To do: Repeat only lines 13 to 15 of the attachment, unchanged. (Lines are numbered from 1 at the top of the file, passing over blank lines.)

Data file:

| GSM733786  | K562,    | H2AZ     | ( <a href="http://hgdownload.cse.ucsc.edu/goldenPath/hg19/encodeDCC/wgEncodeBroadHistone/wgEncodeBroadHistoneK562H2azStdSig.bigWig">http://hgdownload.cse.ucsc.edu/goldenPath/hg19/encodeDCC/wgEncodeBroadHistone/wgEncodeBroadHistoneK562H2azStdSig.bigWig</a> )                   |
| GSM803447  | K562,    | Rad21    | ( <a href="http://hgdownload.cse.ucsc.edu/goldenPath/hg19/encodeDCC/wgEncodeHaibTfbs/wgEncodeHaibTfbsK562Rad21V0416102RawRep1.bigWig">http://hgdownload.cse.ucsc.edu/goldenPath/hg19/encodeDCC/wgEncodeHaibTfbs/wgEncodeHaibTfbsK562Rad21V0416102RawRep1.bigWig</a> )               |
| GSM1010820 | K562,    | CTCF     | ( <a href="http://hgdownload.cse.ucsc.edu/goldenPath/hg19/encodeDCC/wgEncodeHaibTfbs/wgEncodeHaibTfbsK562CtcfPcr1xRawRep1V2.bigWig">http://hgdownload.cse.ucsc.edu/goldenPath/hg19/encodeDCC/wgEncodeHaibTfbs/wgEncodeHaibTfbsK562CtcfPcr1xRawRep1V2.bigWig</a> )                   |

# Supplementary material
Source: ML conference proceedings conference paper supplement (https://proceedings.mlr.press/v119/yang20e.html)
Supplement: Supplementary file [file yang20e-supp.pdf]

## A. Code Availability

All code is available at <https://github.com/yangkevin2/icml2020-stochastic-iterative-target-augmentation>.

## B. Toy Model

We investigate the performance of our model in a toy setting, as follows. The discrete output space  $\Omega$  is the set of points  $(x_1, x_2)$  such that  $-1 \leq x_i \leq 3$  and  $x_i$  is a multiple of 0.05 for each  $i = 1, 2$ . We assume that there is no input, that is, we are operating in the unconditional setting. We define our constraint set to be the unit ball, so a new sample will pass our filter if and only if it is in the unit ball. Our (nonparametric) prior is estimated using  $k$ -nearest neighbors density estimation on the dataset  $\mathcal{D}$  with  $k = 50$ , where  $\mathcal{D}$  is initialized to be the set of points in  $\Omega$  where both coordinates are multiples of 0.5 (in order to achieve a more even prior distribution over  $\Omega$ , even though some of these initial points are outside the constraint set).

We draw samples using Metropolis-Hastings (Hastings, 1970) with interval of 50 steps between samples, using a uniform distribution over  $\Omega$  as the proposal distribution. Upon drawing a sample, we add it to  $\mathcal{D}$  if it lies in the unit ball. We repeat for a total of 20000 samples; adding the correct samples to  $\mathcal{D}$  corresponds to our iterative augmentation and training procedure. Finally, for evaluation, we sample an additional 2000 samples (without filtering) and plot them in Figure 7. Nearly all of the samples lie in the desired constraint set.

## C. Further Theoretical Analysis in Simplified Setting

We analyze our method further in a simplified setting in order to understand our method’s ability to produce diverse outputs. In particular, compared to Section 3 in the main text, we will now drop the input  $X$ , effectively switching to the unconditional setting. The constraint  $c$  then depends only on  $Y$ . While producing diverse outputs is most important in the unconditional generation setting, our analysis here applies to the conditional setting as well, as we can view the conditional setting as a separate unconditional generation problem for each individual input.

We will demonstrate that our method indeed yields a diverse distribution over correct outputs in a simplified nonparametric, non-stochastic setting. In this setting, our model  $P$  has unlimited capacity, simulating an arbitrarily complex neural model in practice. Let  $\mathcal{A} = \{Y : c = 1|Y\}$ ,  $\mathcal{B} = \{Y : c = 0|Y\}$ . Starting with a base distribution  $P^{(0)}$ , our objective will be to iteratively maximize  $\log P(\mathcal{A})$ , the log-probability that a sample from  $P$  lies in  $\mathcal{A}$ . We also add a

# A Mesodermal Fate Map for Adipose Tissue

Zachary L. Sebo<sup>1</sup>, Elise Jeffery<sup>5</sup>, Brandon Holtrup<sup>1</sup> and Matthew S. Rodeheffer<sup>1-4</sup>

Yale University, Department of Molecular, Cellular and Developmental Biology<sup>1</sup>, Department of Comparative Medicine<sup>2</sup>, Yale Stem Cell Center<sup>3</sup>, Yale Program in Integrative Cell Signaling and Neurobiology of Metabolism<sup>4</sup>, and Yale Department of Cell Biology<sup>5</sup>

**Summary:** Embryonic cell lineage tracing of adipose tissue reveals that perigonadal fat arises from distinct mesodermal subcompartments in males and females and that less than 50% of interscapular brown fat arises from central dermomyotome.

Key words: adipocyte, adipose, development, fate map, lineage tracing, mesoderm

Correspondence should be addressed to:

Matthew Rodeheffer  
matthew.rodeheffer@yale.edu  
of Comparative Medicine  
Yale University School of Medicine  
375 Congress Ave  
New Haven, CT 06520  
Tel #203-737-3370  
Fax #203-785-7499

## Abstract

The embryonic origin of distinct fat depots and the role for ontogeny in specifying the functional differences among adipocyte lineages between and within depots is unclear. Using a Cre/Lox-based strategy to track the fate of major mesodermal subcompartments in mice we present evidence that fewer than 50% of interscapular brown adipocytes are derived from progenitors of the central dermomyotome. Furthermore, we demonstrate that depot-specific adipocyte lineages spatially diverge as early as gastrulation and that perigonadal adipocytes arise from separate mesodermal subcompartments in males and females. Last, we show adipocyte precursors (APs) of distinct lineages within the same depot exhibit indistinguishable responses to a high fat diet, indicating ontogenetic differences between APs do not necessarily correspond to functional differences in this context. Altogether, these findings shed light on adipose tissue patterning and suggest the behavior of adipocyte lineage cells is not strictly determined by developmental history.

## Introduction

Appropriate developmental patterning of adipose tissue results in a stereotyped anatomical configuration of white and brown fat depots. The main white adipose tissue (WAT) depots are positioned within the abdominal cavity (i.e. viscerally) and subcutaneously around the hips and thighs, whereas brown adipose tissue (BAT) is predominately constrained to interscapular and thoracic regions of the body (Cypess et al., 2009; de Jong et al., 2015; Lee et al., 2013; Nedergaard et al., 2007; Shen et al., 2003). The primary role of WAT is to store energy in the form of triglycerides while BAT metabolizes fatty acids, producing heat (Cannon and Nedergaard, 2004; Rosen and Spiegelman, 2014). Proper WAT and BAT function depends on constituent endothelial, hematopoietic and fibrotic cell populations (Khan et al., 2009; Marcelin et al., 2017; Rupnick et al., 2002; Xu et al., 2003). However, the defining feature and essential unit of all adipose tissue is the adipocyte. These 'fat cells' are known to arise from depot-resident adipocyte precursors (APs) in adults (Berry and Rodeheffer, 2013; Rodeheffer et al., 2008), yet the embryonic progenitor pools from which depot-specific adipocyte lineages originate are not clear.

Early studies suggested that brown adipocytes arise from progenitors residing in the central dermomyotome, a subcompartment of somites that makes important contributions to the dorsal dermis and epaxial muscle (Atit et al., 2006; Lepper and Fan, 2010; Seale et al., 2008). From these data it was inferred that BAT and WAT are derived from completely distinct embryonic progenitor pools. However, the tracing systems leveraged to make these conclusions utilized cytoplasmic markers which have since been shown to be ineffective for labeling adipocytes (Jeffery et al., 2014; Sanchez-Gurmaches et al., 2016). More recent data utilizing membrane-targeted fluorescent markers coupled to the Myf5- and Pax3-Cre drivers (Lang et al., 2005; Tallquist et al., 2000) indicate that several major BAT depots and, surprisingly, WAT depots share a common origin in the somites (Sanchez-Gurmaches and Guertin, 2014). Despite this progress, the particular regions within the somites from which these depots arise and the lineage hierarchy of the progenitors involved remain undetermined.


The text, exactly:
We analyze our method further in a simplified setting in order to understand our method’s ability to produce diverse outputs. In particular, compared to Section 3 in the main text, we will now drop the input  $X$ , effectively switching to the unconditional setting. The constraint  $c$  then depends only on  $Y$ . While producing diverse outputs is most important in the unconditional generation setting, our analysis here applies to the conditional setting as well, as we can view the conditional setting as a separate unconditional generation problem for each individual input.

We will demonstrate that our method indeed yields a diverse distribution over correct outputs in a simplified nonparametric, non-stochastic setting. In this setting, our model  $P$  has unlimited capacity, simulating an arbitrarily complex neural model in practice. Let  $\mathcal{A} = \{Y : c = 1|Y\}$ ,  $\mathcal{B} = \{Y : c = 0|Y\}$ . Starting with a base distribution  $P^{(0)}$ , our objective will be to iteratively maximize  $\log P(\mathcal{A})$ , the log-probability that a sample from  $P$  lies in  $\mathcal{A}$ . We also add a

# A Mesodermal Fate Map for Adipose Tissue